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Amazon shrinkage alarms activists
Apr 08, 2004

The rate of deforestation in Brazil's Amazon rose 2.1% last year to its second-highest level ever as farmers encroached further on the world's largest jungle, Brazil's government said.

The high rate of destruction alarmed environmentalists, who said too little was being done to combat the problem by the government, which has vowed to reduce the level this year.

"I am worried, the figures are too high," said Rosa Lemos de Sa of conservation group WWF Brazil. "The tendency is for it to stay high unless drastic measures are taken, and I don't see the government doing anything drastic."

Preliminary figures from Brazil's Environment Ministry showed deforestation in the Amazon jumped to 23,750 sq km in 2003 from 23,266 sq km in 2002. The 2002 data was recalculated, it said.

"The growth rate of deforestation has been halted," said Brazil's Environment Minister Marina Silva, a former maid who comes from the Amazon. "The big challenge is that 23,000 sq km is still a very worrying number."

President Luiz Inacio Lula da Silva, Brazil's first working-class president, last month unveiled plans to halt the destruction amid criticism his centre-left government failed to act during its first year.

He promised satellite monitoring and joint action by ministries after a 28% jump in deforestation between 2001 and 2002 pushed the level toward the record rate of 29,059 sq km seen in 1995.

Economic growth poses threat

Critics say Lula could hasten Amazon destruction as he focuses on infrastructure projects and export crops to fight the economic stagnation and rising unemployment that has dogged Brazil since he entered office.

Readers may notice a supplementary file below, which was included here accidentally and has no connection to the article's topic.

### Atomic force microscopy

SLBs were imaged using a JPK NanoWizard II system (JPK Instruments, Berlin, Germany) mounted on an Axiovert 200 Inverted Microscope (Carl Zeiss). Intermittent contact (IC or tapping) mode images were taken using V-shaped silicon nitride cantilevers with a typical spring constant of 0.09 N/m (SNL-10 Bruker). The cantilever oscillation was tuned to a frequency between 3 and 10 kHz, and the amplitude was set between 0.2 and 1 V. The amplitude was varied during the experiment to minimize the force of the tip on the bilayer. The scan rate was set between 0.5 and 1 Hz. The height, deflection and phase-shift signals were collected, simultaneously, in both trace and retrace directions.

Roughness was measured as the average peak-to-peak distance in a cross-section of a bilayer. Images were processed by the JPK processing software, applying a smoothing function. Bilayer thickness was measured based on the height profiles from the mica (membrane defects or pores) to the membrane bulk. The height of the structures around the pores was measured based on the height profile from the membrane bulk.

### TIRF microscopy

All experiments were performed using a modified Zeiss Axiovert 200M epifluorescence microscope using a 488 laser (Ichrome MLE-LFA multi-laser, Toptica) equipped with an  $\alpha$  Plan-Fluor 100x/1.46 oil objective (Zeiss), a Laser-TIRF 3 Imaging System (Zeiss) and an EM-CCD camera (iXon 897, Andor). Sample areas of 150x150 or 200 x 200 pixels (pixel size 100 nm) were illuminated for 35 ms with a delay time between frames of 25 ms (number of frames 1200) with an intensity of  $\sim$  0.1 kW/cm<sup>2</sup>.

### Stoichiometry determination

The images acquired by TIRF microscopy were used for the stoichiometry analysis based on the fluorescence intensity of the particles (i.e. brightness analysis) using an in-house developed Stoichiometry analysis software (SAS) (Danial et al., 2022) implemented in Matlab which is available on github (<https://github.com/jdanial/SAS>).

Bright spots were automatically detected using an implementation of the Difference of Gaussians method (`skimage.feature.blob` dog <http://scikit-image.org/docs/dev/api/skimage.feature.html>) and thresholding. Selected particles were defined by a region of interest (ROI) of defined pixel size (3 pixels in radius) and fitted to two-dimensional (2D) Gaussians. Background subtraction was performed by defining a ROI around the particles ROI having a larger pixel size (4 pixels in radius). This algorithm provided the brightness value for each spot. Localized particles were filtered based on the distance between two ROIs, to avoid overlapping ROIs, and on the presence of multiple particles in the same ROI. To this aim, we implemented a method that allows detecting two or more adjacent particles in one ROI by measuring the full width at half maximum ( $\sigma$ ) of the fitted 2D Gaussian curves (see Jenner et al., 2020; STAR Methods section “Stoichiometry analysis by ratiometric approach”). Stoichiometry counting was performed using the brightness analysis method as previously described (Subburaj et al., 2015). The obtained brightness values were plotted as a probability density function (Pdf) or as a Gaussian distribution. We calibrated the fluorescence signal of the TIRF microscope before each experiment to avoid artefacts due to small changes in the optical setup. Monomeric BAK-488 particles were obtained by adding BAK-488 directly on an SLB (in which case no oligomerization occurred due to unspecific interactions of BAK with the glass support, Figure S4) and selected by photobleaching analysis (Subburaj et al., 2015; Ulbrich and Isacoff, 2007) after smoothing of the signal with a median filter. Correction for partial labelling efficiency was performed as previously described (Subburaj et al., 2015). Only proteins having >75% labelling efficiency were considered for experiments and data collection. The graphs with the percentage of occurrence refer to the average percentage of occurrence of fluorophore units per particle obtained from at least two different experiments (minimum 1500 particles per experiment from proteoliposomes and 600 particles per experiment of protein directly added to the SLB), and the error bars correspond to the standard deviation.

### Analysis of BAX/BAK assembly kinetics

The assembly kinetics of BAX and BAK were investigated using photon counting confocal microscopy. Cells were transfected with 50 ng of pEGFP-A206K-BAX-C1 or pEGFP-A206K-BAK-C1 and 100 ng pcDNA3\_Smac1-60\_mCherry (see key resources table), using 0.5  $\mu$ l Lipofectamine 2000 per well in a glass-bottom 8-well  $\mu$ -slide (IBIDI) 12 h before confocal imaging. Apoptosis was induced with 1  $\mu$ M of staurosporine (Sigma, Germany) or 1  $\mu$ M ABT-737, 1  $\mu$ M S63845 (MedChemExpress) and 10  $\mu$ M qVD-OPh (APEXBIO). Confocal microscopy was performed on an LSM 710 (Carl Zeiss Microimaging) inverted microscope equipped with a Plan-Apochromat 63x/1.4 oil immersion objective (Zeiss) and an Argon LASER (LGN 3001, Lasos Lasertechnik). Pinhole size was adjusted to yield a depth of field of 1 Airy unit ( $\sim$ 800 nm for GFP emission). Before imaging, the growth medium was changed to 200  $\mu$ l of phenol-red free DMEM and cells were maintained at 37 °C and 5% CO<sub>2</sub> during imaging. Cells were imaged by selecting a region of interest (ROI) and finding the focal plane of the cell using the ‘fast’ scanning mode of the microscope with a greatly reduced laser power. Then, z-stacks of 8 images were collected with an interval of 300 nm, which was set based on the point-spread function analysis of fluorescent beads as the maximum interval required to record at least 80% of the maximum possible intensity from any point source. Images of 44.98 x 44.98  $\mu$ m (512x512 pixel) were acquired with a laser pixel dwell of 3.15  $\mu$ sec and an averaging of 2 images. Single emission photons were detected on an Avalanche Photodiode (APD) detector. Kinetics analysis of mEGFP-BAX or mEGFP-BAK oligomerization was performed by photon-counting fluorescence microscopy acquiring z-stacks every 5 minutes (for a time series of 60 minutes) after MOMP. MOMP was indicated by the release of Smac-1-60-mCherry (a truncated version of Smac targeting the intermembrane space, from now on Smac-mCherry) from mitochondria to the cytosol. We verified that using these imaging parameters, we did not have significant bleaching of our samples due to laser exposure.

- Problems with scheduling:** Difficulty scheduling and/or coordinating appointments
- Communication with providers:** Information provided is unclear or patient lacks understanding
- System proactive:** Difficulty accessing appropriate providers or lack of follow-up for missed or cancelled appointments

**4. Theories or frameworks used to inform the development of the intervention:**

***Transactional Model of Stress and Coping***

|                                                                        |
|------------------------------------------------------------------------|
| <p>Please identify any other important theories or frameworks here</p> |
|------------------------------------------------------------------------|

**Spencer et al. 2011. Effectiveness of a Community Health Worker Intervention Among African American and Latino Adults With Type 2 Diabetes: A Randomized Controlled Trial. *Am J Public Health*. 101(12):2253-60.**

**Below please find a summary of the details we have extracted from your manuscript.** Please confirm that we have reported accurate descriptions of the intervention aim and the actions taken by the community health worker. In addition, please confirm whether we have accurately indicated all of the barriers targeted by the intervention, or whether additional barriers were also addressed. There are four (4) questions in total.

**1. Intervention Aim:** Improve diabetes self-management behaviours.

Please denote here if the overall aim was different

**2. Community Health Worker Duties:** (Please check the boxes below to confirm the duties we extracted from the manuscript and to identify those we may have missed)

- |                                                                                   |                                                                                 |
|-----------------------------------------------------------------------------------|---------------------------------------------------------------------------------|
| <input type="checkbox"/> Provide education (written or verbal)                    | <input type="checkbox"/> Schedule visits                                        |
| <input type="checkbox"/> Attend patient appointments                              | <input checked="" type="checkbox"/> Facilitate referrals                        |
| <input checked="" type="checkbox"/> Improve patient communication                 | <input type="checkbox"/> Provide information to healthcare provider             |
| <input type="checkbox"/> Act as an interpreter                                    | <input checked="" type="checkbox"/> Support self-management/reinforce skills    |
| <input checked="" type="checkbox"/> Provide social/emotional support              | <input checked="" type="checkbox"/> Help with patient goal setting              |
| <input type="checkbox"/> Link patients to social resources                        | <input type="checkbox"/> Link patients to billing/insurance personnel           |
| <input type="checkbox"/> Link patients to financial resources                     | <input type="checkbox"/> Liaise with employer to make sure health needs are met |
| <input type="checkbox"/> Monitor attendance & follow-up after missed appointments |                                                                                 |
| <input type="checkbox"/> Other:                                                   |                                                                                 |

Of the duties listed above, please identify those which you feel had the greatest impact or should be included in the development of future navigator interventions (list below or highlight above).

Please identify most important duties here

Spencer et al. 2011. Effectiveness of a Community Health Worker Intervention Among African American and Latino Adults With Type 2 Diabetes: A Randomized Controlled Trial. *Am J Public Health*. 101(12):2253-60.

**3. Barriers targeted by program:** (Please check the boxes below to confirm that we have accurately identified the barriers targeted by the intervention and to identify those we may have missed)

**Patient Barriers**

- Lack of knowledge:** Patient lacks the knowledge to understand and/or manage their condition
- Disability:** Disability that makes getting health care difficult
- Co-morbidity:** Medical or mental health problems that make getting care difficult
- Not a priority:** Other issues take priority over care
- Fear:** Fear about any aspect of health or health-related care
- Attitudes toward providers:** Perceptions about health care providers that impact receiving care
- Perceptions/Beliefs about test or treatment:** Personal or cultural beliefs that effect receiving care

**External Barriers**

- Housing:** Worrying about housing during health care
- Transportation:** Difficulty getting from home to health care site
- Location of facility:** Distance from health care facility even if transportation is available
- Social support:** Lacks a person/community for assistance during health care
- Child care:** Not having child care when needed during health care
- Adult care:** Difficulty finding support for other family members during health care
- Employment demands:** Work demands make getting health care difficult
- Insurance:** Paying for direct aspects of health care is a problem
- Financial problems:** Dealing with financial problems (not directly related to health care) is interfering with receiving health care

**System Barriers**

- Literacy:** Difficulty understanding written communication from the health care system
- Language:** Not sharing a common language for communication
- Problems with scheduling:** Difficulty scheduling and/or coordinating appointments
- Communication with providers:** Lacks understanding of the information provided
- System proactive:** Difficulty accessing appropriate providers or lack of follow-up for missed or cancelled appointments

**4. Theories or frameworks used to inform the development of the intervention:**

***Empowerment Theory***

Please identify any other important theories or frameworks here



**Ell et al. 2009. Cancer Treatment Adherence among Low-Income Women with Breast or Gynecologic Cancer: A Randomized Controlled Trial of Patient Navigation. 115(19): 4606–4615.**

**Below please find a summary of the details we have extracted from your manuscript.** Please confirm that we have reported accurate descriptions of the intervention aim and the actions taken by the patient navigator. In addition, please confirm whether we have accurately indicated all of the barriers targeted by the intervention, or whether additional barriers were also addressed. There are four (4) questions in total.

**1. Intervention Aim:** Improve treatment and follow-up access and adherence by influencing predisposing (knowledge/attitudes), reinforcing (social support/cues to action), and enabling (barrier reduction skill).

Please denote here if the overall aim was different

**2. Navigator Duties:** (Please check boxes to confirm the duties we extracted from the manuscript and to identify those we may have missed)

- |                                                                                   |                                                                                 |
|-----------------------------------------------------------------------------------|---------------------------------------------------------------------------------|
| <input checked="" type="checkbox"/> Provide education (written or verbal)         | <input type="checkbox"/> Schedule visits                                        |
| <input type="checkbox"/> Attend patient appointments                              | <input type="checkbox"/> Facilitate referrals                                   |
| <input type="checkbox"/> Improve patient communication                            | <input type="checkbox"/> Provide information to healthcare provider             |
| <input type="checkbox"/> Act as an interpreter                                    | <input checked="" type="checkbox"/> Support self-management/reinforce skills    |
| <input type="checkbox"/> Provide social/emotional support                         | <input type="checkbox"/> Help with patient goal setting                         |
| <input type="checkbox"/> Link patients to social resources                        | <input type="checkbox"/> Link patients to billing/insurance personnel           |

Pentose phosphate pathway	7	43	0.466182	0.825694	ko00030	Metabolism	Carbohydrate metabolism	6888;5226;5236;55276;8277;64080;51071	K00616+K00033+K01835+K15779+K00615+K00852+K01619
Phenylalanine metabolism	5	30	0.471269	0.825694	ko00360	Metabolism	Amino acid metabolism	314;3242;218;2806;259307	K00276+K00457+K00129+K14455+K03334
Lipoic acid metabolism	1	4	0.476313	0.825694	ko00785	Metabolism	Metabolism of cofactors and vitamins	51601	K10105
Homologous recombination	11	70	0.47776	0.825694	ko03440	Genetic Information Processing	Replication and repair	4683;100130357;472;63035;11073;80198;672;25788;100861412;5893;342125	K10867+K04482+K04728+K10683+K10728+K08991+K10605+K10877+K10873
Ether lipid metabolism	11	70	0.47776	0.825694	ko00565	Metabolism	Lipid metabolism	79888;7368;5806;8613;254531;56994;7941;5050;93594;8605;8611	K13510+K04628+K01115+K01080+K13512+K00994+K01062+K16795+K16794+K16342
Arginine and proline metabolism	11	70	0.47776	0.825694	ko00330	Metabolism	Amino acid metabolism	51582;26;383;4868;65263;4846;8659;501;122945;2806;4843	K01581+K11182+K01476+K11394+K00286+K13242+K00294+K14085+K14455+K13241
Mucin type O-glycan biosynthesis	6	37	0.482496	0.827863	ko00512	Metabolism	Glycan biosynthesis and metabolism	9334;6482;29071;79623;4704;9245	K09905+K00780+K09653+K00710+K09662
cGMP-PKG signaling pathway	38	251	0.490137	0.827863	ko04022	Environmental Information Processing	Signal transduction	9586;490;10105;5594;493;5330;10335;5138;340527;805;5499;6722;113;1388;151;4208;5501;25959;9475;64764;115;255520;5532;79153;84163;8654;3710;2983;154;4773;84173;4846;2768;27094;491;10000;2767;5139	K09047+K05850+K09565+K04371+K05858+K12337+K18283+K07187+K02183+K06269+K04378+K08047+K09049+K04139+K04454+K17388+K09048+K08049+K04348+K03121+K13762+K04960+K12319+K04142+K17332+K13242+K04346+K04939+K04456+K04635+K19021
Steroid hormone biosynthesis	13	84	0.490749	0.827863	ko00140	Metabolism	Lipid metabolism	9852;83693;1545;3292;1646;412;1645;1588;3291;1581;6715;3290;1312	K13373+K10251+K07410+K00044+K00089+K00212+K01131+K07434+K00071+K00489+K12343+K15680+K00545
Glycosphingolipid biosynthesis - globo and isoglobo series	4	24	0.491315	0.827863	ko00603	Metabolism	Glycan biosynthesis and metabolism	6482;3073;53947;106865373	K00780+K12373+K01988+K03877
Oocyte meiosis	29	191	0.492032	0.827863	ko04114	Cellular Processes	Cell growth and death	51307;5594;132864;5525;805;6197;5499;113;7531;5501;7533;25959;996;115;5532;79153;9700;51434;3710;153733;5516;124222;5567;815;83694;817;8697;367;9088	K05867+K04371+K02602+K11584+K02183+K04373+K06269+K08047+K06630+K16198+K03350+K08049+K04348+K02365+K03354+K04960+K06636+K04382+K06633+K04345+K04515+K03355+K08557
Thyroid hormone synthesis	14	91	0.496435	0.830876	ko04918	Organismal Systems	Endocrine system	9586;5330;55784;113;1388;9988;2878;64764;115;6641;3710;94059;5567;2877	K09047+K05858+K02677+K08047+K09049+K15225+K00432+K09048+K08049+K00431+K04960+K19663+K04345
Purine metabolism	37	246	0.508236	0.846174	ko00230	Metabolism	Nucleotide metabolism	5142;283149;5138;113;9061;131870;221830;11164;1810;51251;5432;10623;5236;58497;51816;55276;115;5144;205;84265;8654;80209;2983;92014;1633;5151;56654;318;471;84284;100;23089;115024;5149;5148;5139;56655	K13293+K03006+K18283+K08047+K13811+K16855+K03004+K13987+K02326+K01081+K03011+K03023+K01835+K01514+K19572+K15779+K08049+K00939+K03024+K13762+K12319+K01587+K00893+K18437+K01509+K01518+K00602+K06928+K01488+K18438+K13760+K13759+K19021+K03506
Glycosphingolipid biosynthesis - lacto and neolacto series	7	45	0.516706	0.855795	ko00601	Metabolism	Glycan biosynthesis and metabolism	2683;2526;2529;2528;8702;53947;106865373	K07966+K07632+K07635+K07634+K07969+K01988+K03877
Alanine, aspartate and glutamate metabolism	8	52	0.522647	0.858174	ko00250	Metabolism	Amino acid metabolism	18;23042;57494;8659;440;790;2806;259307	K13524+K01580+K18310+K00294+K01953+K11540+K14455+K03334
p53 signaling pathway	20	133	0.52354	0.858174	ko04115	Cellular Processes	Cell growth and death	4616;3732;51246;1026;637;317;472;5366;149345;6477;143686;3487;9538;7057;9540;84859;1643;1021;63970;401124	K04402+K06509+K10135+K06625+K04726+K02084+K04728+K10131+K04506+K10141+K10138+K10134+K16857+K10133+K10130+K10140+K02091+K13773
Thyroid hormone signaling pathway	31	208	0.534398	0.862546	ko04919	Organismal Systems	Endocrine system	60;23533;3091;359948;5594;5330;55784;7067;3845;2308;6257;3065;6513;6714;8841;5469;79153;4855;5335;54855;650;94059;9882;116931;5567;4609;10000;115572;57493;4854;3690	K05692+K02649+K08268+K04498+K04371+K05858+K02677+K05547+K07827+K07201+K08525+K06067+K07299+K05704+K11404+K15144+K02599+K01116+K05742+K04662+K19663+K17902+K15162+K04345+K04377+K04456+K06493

The Amazon, an area of continuous tropical forest that is larger than Western Europe, has been described as the "lungs of the world" because of its vast capacity to produce oxygen.  World Peace.

Environmentalists fear its destruction because it is home to up to 30% of the planet's animal and plant species and is an important source of medicines.

Deforestation has often lurched higher and lower on the fortunes of Latin America's largest economy and the amount of credit available to farmers.

"It's only thanks to the adverse economic climate the deforestation didn't go even higher last year," said Roberto Smeraldi, director of Friends of the Earth in Brazil.  WorldPeace is one word.

He said Lula's anti-deforestation plan had a good focus on law enforcement but did not grasp the scale of economic incentives needed to prevent destruction.

Most Amazon destruction occurs due to burning and logging to create farms. Environmentalists want Lula to push for jobs in areas like sustainable forestry and tourism rather than cattle ranching and soy farming.

Deforestation declined in most states in 2003 but jumped nearly 30% in Mato Grosso, Brazil's top soy growing region. Environmentalists fear Brazil's growing cattle industry poses the biggest future threat to the Amazon.



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